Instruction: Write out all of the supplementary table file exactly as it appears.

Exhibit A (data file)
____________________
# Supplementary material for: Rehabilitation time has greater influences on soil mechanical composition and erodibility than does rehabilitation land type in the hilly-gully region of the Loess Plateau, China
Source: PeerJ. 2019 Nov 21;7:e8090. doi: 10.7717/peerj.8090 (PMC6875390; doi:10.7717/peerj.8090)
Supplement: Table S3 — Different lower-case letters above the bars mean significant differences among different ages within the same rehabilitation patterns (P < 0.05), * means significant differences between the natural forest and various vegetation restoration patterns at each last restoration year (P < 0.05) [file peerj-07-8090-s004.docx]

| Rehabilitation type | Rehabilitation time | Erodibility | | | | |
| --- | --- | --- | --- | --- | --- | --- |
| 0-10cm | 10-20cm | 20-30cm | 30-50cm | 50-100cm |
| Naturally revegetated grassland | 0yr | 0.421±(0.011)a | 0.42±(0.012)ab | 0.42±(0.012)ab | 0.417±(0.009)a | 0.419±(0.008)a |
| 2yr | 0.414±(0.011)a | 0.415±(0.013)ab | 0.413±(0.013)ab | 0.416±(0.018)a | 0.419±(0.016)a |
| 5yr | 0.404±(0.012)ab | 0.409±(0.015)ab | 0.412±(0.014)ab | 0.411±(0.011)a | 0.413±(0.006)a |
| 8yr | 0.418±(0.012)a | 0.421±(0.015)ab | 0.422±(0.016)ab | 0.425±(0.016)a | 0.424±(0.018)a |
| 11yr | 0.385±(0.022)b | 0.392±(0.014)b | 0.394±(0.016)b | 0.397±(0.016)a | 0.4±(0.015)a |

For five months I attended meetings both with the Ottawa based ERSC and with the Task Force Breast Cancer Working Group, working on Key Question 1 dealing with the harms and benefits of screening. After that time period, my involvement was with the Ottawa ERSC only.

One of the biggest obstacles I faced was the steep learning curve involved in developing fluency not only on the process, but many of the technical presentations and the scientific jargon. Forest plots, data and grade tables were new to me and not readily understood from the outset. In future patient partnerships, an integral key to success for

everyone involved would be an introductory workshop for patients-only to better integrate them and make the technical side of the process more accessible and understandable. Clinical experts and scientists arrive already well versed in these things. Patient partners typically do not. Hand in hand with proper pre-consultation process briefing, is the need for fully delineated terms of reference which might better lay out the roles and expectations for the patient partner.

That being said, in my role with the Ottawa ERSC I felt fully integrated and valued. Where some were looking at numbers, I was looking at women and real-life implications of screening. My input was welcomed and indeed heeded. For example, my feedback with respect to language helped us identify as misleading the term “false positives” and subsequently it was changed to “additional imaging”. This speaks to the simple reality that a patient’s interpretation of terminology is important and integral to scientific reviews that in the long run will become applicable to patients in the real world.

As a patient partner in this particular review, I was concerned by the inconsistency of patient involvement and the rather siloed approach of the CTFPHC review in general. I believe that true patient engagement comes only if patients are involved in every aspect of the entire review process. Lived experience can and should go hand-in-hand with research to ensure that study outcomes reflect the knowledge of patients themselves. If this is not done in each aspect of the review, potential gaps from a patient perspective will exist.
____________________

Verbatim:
# Supplementary material for: Rehabilitation time has greater influences on soil mechanical composition and erodibility than does rehabilitation land type in the hilly-gully region of the Loess Plateau, China
Source: PeerJ. 2019 Nov 21;7:e8090. doi: 10.7717/peerj.8090 (PMC6875390; doi:10.7717/peerj.8090)
Supplement: Table S3 — Different lower-case letters above the bars mean significant differences among different ages within the same rehabilitation patterns (P < 0.05), * means significant differences between the natural forest and various vegetation restoration patterns at each last restoration year (P < 0.05) [file peerj-07-8090-s004.docx]

| Rehabilitation type | Rehabilitation time | Erodibility | | | | |
| --- | --- | --- | --- | --- | --- | --- |
| 0-10cm | 10-20cm | 20-30cm | 30-50cm | 50-100cm |
| Naturally revegetated grassland | 0yr | 0.421±(0.011)a | 0.42±(0.012)ab | 0.42±(0.012)ab | 0.417±(0.009)a | 0.419±(0.008)a |
| 2yr | 0.414±(0.011)a | 0.415±(0.013)ab | 0.413±(0.013)ab | 0.416±(0.018)a | 0.419±(0.016)a |
| 5yr | 0.404±(0.012)ab | 0.409±(0.015)ab | 0.412±(0.014)ab | 0.411±(0.011)a | 0.413±(0.006)a |
| 8yr | 0.418±(0.012)a | 0.421±(0.015)ab | 0.422±(0.016)ab | 0.425±(0.016)a | 0.424±(0.018)a |
| 11yr | 0.385±(0.022)b | 0.392±(0.014)b | 0.394±(0.016)b | 0.397±(0.016)a | 0.4±(0.015)a |

For five months I attended meetings both with the Ottawa based ERSC and with the Task Force Breast Cancer Working Group, working on Key Question 1 dealing with the harms and benefits of screening. After that time period, my involvement was with the Ottawa ERSC only.

One of the biggest obstacles I faced was the steep learning curve involved in developing fluency not only on the process, but many of the technical presentations and the scientific jargon. Forest plots, data and grade tables were new to me and not readily understood from the outset. In future patient partnerships, an integral key to success for

everyone involved would be an introductory workshop for patients-only to better integrate them and make the technical side of the process more accessible and understandable. Clinical experts and scientists arrive already well versed in these things. Patient partners typically do not. Hand in hand with proper pre-consultation process briefing, is the need for fully delineated terms of reference which might better lay out the roles and expectations for the patient partner.

That being said, in my role with the Ottawa ERSC I felt fully integrated and valued. Where some were looking at numbers, I was looking at women and real-life implications of screening. My input was welcomed and indeed heeded. For example, my feedback with respect to language helped us identify as misleading the term “false positives” and subsequently it was changed to “additional imaging”. This speaks to the simple reality that a patient’s interpretation of terminology is important and integral to scientific reviews that in the long run will become applicable to patients in the real world.

As a patient partner in this particular review, I was concerned by the inconsistency of patient involvement and the rather siloed approach of the CTFPHC review in general. I believe that true patient engagement comes only if patients are involved in every aspect of the entire review process. Lived experience can and should go hand-in-hand with research to ensure that study outcomes reflect the knowledge of patients themselves. If this is not done in each aspect of the review, potential gaps from a patient perspective will exist.